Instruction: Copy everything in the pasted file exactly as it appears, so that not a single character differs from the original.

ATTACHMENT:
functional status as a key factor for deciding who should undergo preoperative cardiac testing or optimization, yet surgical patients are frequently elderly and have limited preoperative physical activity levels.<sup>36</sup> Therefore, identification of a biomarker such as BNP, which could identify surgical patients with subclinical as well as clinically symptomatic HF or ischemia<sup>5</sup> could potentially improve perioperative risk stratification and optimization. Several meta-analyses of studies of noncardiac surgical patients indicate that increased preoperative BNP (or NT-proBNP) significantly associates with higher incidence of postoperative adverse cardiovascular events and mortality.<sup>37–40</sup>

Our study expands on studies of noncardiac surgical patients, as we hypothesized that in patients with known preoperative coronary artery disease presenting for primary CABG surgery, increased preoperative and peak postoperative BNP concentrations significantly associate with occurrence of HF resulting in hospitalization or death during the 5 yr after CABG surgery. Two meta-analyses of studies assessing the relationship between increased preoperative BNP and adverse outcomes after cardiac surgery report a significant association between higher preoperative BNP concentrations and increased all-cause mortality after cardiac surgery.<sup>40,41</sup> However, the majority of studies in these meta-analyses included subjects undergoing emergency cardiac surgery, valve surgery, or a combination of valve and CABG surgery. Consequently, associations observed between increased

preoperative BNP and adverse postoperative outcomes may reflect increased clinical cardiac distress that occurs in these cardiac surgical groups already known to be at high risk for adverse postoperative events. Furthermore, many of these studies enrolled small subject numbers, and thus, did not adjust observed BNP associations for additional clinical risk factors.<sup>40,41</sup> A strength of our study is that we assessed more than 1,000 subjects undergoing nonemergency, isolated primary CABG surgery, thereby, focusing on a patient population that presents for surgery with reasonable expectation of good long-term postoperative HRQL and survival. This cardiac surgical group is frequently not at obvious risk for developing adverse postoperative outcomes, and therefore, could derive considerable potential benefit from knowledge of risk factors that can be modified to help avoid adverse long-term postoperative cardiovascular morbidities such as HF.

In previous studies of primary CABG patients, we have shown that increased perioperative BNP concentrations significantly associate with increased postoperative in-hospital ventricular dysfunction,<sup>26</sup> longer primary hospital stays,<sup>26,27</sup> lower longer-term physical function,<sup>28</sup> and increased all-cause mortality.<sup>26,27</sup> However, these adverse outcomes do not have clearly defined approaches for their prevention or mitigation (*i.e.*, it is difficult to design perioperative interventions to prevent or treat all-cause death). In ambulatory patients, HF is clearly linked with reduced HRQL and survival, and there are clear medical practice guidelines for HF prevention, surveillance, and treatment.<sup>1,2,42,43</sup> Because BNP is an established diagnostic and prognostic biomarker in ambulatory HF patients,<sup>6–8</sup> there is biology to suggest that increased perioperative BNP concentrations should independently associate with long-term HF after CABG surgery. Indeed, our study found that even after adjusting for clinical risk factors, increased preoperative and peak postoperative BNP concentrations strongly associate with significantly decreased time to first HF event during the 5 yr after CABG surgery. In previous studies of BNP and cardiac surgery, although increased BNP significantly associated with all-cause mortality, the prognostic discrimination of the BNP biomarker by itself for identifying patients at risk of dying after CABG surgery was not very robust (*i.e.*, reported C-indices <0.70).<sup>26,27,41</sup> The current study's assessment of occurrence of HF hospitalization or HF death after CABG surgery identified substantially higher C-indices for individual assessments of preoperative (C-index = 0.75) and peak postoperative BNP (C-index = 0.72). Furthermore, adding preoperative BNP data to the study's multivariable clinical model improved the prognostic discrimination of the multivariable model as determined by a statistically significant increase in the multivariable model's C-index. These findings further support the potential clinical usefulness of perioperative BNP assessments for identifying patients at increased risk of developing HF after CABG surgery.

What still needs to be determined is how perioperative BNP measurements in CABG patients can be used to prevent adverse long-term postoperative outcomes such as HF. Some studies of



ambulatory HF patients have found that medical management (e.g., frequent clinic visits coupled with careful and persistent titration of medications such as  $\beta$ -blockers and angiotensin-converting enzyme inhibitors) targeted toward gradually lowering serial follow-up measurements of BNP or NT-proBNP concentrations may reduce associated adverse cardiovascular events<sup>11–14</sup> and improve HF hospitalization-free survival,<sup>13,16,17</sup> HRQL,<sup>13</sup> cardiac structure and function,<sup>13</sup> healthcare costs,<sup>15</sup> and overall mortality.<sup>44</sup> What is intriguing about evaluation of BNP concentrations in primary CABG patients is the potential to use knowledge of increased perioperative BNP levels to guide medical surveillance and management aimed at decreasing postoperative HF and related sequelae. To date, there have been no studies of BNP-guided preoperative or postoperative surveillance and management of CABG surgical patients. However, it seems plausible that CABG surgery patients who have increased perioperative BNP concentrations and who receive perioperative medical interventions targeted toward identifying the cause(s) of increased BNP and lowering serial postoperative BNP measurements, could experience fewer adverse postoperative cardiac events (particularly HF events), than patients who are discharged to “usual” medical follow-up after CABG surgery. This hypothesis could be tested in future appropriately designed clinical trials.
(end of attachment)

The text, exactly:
functional status as a key factor for deciding who should undergo preoperative cardiac testing or optimization, yet surgical patients are frequently elderly and have limited preoperative physical activity levels.<sup>36</sup> Therefore, identification of a biomarker such as BNP, which could identify surgical patients with subclinical as well as clinically symptomatic HF or ischemia<sup>5</sup> could potentially improve perioperative risk stratification and optimization. Several meta-analyses of studies of noncardiac surgical patients indicate that increased preoperative BNP (or NT-proBNP) significantly associates with higher incidence of postoperative adverse cardiovascular events and mortality.<sup>37–40</sup>

Our study expands on studies of noncardiac surgical patients, as we hypothesized that in patients with known preoperative coronary artery disease presenting for primary CABG surgery, increased preoperative and peak postoperative BNP concentrations significantly associate with occurrence of HF resulting in hospitalization or death during the 5 yr after CABG surgery. Two meta-analyses of studies assessing the relationship between increased preoperative BNP and adverse outcomes after cardiac surgery report a significant association between higher preoperative BNP concentrations and increased all-cause mortality after cardiac surgery.<sup>40,41</sup> However, the majority of studies in these meta-analyses included subjects undergoing emergency cardiac surgery, valve surgery, or a combination of valve and CABG surgery. Consequently, associations observed between increased

preoperative BNP and adverse postoperative outcomes may reflect increased clinical cardiac distress that occurs in these cardiac surgical groups already known to be at high risk for adverse postoperative events. Furthermore, many of these studies enrolled small subject numbers, and thus, did not adjust observed BNP associations for additional clinical risk factors.<sup>40,41</sup> A strength of our study is that we assessed more than 1,000 subjects undergoing nonemergency, isolated primary CABG surgery, thereby, focusing on a patient population that presents for surgery with reasonable expectation of good long-term postoperative HRQL and survival. This cardiac surgical group is frequently not at obvious risk for developing adverse postoperative outcomes, and therefore, could derive considerable potential benefit from knowledge of risk factors that can be modified to help avoid adverse long-term postoperative cardiovascular morbidities such as HF.

In previous studies of primary CABG patients, we have shown that increased perioperative BNP concentrations significantly associate with increased postoperative in-hospital ventricular dysfunction,<sup>26</sup> longer primary hospital stays,<sup>26,27</sup> lower longer-term physical function,<sup>28</sup> and increased all-cause mortality.<sup>26,27</sup> However, these adverse outcomes do not have clearly defined approaches for their prevention or mitigation (*i.e.*, it is difficult to design perioperative interventions to prevent or treat all-cause death). In ambulatory patients, HF is clearly linked with reduced HRQL and survival, and there are clear medical practice guidelines for HF prevention, surveillance, and treatment.<sup>1,2,42,43</sup> Because BNP is an established diagnostic and prognostic biomarker in ambulatory HF patients,<sup>6–8</sup> there is biology to suggest that increased perioperative BNP concentrations should independently associate with long-term HF after CABG surgery. Indeed, our study found that even after adjusting for clinical risk factors, increased preoperative and peak postoperative BNP concentrations strongly associate with significantly decreased time to first HF event during the 5 yr after CABG surgery. In previous studies of BNP and cardiac surgery, although increased BNP significantly associated with all-cause mortality, the prognostic discrimination of the BNP biomarker by itself for identifying patients at risk of dying after CABG surgery was not very robust (*i.e.*, reported C-indices <0.70).<sup>26,27,41</sup> The current study's assessment of occurrence of HF hospitalization or HF death after CABG surgery identified substantially higher C-indices for individual assessments of preoperative (C-index = 0.75) and peak postoperative BNP (C-index = 0.72). Furthermore, adding preoperative BNP data to the study's multivariable clinical model improved the prognostic discrimination of the multivariable model as determined by a statistically significant increase in the multivariable model's C-index. These findings further support the potential clinical usefulness of perioperative BNP assessments for identifying patients at increased risk of developing HF after CABG surgery.

What still needs to be determined is how perioperative BNP measurements in CABG patients can be used to prevent adverse long-term postoperative outcomes such as HF. Some studies of



ambulatory HF patients have found that medical management (e.g., frequent clinic visits coupled with careful and persistent titration of medications such as  $\beta$ -blockers and angiotensin-converting enzyme inhibitors) targeted toward gradually lowering serial follow-up measurements of BNP or NT-proBNP concentrations may reduce associated adverse cardiovascular events<sup>11–14</sup> and improve HF hospitalization-free survival,<sup>13,16,17</sup> HRQL,<sup>13</sup> cardiac structure and function,<sup>13</sup> healthcare costs,<sup>15</sup> and overall mortality.<sup>44</sup> What is intriguing about evaluation of BNP concentrations in primary CABG patients is the potential to use knowledge of increased perioperative BNP levels to guide medical surveillance and management aimed at decreasing postoperative HF and related sequelae. To date, there have been no studies of BNP-guided preoperative or postoperative surveillance and management of CABG surgical patients. However, it seems plausible that CABG surgery patients who have increased perioperative BNP concentrations and who receive perioperative medical interventions targeted toward identifying the cause(s) of increased BNP and lowering serial postoperative BNP measurements, could experience fewer adverse postoperative cardiac events (particularly HF events), than patients who are discharged to “usual” medical follow-up after CABG surgery. This hypothesis could be tested in future appropriately designed clinical trials.